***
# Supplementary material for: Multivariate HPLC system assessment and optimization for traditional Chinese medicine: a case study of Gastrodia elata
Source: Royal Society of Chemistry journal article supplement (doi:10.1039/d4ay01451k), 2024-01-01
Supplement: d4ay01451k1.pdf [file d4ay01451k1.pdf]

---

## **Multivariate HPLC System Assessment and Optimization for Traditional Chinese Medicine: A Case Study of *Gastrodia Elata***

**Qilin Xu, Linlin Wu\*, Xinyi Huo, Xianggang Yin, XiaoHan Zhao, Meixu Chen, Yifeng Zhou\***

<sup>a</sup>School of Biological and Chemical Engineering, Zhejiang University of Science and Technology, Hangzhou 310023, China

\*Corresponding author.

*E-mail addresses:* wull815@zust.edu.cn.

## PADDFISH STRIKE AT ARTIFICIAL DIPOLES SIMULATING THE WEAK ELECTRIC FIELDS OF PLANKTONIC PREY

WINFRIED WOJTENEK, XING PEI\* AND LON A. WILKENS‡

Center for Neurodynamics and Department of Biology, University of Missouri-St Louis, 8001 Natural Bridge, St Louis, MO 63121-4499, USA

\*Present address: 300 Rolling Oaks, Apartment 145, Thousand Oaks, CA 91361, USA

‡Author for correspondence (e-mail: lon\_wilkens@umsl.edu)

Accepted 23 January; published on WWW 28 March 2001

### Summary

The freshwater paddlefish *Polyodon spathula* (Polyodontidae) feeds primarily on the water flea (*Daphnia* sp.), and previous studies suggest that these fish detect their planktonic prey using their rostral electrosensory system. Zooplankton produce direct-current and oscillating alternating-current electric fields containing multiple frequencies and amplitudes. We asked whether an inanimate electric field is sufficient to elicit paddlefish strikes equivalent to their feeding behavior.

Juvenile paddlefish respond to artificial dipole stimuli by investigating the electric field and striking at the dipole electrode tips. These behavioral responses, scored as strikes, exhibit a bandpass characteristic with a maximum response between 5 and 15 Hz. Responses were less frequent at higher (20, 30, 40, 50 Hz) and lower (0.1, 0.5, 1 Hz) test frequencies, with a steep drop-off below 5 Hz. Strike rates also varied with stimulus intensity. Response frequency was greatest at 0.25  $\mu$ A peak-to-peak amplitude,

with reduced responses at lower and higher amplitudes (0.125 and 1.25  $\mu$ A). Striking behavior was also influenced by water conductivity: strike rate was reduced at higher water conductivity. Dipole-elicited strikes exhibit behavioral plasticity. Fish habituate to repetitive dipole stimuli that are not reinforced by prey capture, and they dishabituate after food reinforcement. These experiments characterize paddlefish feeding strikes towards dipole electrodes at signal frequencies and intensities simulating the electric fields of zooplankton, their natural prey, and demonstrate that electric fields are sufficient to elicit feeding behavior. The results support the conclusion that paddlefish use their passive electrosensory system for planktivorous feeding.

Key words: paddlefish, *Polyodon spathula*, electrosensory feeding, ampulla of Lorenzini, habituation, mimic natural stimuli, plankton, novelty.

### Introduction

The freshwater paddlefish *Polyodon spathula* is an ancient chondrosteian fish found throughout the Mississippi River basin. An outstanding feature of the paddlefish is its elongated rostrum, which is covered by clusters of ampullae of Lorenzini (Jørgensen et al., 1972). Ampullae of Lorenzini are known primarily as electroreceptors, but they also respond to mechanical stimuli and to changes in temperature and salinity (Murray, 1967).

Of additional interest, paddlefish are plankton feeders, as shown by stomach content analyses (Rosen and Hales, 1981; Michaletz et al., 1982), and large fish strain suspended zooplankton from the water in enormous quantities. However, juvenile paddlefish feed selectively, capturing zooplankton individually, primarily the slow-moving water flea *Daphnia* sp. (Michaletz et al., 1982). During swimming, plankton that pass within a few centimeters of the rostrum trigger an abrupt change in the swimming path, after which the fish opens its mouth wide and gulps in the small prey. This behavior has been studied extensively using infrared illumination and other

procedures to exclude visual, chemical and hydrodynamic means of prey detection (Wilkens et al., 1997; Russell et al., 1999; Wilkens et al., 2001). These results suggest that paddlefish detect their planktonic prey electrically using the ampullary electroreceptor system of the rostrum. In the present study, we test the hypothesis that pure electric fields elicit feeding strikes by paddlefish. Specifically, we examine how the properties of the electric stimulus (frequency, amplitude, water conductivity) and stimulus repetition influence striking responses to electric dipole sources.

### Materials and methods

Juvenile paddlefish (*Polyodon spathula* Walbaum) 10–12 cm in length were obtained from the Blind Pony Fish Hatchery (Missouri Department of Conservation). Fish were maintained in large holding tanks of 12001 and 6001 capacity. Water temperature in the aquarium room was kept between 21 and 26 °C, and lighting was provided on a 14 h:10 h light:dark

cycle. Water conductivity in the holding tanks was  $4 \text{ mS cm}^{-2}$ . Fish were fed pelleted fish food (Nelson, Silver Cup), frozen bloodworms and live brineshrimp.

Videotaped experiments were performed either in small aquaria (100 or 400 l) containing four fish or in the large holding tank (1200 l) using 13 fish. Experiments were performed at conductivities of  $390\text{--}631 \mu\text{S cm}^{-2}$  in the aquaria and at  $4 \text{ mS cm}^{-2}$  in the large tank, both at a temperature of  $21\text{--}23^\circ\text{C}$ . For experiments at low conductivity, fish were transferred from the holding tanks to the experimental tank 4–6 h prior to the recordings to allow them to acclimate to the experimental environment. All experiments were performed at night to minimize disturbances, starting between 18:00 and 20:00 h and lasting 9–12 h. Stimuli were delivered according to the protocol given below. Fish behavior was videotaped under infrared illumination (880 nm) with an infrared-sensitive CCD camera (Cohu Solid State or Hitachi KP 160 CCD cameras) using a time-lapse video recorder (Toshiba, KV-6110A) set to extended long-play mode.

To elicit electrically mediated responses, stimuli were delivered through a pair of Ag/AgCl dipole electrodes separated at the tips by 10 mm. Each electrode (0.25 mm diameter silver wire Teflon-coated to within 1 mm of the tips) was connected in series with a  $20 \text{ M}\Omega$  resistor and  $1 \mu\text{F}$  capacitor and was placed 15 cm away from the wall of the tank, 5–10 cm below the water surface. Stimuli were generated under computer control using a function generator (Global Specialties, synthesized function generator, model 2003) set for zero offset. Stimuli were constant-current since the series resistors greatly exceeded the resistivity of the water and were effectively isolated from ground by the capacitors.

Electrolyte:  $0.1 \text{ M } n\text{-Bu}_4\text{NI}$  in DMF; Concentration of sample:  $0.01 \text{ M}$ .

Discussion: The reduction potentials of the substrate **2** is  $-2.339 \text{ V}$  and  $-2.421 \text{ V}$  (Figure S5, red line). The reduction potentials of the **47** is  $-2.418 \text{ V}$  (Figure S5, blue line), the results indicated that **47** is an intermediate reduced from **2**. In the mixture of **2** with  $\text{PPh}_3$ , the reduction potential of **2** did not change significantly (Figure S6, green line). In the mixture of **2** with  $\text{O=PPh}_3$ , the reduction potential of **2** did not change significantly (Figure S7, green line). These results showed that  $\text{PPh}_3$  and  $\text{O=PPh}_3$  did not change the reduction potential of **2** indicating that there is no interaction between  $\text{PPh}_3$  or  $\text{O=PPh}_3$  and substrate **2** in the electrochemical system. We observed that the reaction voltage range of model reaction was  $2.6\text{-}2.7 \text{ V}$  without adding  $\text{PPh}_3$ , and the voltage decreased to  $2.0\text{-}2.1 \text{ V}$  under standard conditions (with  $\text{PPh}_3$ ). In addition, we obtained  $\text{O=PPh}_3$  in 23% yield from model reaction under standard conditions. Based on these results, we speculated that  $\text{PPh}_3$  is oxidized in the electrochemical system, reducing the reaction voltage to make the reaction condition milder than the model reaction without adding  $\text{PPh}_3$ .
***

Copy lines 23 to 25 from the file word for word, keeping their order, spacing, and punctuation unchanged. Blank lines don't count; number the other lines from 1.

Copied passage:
Of additional interest, paddlefish are plankton feeders, as shown by stomach content analyses (Rosen and Hales, 1981; Michaletz et al., 1982), and large fish strain suspended zooplankton from the water in enormous quantities. However, juvenile paddlefish feed selectively, capturing zooplankton individually, primarily the slow-moving water flea *Daphnia* sp. (Michaletz et al., 1982). During swimming, plankton that pass within a few centimeters of the rostrum trigger an abrupt change in the swimming path, after which the fish opens its mouth wide and gulps in the small prey. This behavior has been studied extensively using infrared illumination and other

procedures to exclude visual, chemical and hydrodynamic means of prey detection (Wilkens et al., 1997; Russell et al., 1999; Wilkens et al., 2001). These results suggest that paddlefish detect their planktonic prey electrically using the ampullary electroreceptor system of the rostrum. In the present study, we test the hypothesis that pure electric fields elicit feeding strikes by paddlefish. Specifically, we examine how the properties of the electric stimulus (frequency, amplitude, water conductivity) and stimulus repetition influence striking responses to electric dipole sources.

### Materials and methods